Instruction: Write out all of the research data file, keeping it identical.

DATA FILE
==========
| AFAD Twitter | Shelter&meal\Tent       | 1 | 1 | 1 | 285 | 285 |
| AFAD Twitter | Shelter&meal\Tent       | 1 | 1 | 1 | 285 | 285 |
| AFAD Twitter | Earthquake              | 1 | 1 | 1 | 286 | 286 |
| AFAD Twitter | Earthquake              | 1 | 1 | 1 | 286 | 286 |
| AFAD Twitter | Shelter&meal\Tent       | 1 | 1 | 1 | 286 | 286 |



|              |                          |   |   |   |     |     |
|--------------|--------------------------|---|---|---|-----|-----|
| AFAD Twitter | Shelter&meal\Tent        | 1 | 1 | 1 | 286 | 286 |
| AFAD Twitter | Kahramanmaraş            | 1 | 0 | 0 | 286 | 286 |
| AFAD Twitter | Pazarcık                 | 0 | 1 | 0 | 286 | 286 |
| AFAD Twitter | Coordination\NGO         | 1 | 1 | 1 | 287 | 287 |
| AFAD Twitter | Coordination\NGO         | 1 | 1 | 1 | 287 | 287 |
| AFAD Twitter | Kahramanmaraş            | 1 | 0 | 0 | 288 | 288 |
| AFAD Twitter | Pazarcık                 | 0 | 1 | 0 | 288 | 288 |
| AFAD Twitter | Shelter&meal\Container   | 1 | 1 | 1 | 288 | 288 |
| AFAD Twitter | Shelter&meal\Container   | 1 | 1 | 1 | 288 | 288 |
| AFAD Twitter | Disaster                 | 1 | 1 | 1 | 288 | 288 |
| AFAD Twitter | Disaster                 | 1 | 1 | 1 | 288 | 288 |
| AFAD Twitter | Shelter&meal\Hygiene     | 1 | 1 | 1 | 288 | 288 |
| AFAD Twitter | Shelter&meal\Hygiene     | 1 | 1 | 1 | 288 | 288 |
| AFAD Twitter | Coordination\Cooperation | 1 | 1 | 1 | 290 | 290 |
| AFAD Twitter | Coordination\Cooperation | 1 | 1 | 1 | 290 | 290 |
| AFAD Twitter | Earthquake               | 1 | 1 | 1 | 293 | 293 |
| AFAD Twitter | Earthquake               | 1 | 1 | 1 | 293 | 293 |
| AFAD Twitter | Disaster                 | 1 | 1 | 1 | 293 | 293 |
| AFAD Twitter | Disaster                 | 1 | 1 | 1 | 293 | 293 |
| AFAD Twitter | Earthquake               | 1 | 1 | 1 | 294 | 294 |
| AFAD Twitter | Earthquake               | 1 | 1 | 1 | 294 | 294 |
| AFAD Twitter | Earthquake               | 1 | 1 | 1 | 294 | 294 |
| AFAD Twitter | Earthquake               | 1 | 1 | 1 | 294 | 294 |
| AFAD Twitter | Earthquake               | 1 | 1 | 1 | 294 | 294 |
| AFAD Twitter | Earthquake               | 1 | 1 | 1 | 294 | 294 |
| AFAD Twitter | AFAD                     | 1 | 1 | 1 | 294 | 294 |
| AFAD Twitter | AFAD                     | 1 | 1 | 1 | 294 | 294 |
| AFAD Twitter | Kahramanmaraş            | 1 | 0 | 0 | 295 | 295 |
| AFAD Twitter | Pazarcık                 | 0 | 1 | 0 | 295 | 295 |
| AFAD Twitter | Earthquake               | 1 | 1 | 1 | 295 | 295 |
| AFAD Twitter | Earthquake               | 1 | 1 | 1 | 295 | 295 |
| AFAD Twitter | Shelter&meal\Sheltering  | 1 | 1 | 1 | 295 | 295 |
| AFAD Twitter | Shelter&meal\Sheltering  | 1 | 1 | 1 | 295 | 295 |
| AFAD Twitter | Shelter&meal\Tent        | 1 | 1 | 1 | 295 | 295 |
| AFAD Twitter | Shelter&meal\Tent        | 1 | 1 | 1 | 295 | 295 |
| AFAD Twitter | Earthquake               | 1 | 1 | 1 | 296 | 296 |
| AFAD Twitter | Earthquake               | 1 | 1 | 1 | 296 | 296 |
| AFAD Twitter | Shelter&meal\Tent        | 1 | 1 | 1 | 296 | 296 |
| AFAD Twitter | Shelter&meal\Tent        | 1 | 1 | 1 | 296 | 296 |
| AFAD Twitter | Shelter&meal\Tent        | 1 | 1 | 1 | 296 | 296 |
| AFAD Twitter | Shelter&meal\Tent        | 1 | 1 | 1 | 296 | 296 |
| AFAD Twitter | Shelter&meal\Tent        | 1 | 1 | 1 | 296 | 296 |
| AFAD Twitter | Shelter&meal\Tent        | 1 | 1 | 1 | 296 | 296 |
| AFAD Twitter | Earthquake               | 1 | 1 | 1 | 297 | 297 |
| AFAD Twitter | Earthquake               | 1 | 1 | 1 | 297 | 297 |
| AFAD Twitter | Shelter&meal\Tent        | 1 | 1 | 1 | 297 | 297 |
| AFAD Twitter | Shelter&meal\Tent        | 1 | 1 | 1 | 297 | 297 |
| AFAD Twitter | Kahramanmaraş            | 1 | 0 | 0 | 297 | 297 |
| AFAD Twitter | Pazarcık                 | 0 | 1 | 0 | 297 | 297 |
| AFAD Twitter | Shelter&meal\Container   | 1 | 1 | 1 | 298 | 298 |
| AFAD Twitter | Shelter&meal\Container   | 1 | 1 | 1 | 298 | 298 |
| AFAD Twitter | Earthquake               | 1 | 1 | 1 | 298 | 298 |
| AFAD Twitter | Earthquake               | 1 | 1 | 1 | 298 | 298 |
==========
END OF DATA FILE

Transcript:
| AFAD Twitter | Shelter&meal\Tent       | 1 | 1 | 1 | 285 | 285 |
| AFAD Twitter | Shelter&meal\Tent       | 1 | 1 | 1 | 285 | 285 |
| AFAD Twitter | Earthquake              | 1 | 1 | 1 | 286 | 286 |
| AFAD Twitter | Earthquake              | 1 | 1 | 1 | 286 | 286 |
| AFAD Twitter | Shelter&meal\Tent       | 1 | 1 | 1 | 286 | 286 |



|              |                          |   |   |   |     |     |
|--------------|--------------------------|---|---|---|-----|-----|
| AFAD Twitter | Shelter&meal\Tent        | 1 | 1 | 1 | 286 | 286 |
| AFAD Twitter | Kahramanmaraş            | 1 | 0 | 0 | 286 | 286 |
| AFAD Twitter | Pazarcık                 | 0 | 1 | 0 | 286 | 286 |
| AFAD Twitter | Coordination\NGO         | 1 | 1 | 1 | 287 | 287 |
| AFAD Twitter | Coordination\NGO         | 1 | 1 | 1 | 287 | 287 |
| AFAD Twitter | Kahramanmaraş            | 1 | 0 | 0 | 288 | 288 |
| AFAD Twitter | Pazarcık                 | 0 | 1 | 0 | 288 | 288 |
| AFAD Twitter | Shelter&meal\Container   | 1 | 1 | 1 | 288 | 288 |
| AFAD Twitter | Shelter&meal\Container   | 1 | 1 | 1 | 288 | 288 |
| AFAD Twitter | Disaster                 | 1 | 1 | 1 | 288 | 288 |
| AFAD Twitter | Disaster                 | 1 | 1 | 1 | 288 | 288 |
| AFAD Twitter | Shelter&meal\Hygiene     | 1 | 1 | 1 | 288 | 288 |
| AFAD Twitter | Shelter&meal\Hygiene     | 1 | 1 | 1 | 288 | 288 |
| AFAD Twitter | Coordination\Cooperation | 1 | 1 | 1 | 290 | 290 |
| AFAD Twitter | Coordination\Cooperation | 1 | 1 | 1 | 290 | 290 |
| AFAD Twitter | Earthquake               | 1 | 1 | 1 | 293 | 293 |
| AFAD Twitter | Earthquake               | 1 | 1 | 1 | 293 | 293 |
| AFAD Twitter | Disaster                 | 1 | 1 | 1 | 293 | 293 |
| AFAD Twitter | Disaster                 | 1 | 1 | 1 | 293 | 293 |
| AFAD Twitter | Earthquake               | 1 | 1 | 1 | 294 | 294 |
| AFAD Twitter | Earthquake               | 1 | 1 | 1 | 294 | 294 |
| AFAD Twitter | Earthquake               | 1 | 1 | 1 | 294 | 294 |
| AFAD Twitter | Earthquake               | 1 | 1 | 1 | 294 | 294 |
| AFAD Twitter | Earthquake               | 1 | 1 | 1 | 294 | 294 |
| AFAD Twitter | Earthquake               | 1 | 1 | 1 | 294 | 294 |
| AFAD Twitter | AFAD                     | 1 | 1 | 1 | 294 | 294 |
| AFAD Twitter | AFAD                     | 1 | 1 | 1 | 294 | 294 |
| AFAD Twitter | Kahramanmaraş            | 1 | 0 | 0 | 295 | 295 |
| AFAD Twitter | Pazarcık                 | 0 | 1 | 0 | 295 | 295 |
| AFAD Twitter | Earthquake               | 1 | 1 | 1 | 295 | 295 |
| AFAD Twitter | Earthquake               | 1 | 1 | 1 | 295 | 295 |
| AFAD Twitter | Shelter&meal\Sheltering  | 1 | 1 | 1 | 295 | 295 |
| AFAD Twitter | Shelter&meal\Sheltering  | 1 | 1 | 1 | 295 | 295 |
| AFAD Twitter | Shelter&meal\Tent        | 1 | 1 | 1 | 295 | 295 |
| AFAD Twitter | Shelter&meal\Tent        | 1 | 1 | 1 | 295 | 295 |
| AFAD Twitter | Earthquake               | 1 | 1 | 1 | 296 | 296 |
| AFAD Twitter | Earthquake               | 1 | 1 | 1 | 296 | 296 |
| AFAD Twitter | Shelter&meal\Tent        | 1 | 1 | 1 | 296 | 296 |
| AFAD Twitter | Shelter&meal\Tent        | 1 | 1 | 1 | 296 | 296 |
| AFAD Twitter | Shelter&meal\Tent        | 1 | 1 | 1 | 296 | 296 |
| AFAD Twitter | Shelter&meal\Tent        | 1 | 1 | 1 | 296 | 296 |
| AFAD Twitter | Shelter&meal\Tent        | 1 | 1 | 1 | 296 | 296 |
| AFAD Twitter | Shelter&meal\Tent        | 1 | 1 | 1 | 296 | 296 |
| AFAD Twitter | Earthquake               | 1 | 1 | 1 | 297 | 297 |
| AFAD Twitter | Earthquake               | 1 | 1 | 1 | 297 | 297 |
| AFAD Twitter | Shelter&meal\Tent        | 1 | 1 | 1 | 297 | 297 |
| AFAD Twitter | Shelter&meal\Tent        | 1 | 1 | 1 | 297 | 297 |
| AFAD Twitter | Kahramanmaraş            | 1 | 0 | 0 | 297 | 297 |
| AFAD Twitter | Pazarcık                 | 0 | 1 | 0 | 297 | 297 |
| AFAD Twitter | Shelter&meal\Container   | 1 | 1 | 1 | 298 | 298 |
| AFAD Twitter | Shelter&meal\Container   | 1 | 1 | 1 | 298 | 298 |
| AFAD Twitter | Earthquake               | 1 | 1 | 1 | 298 | 298 |
| AFAD Twitter | Earthquake               | 1 | 1 | 1 | 298 | 298 |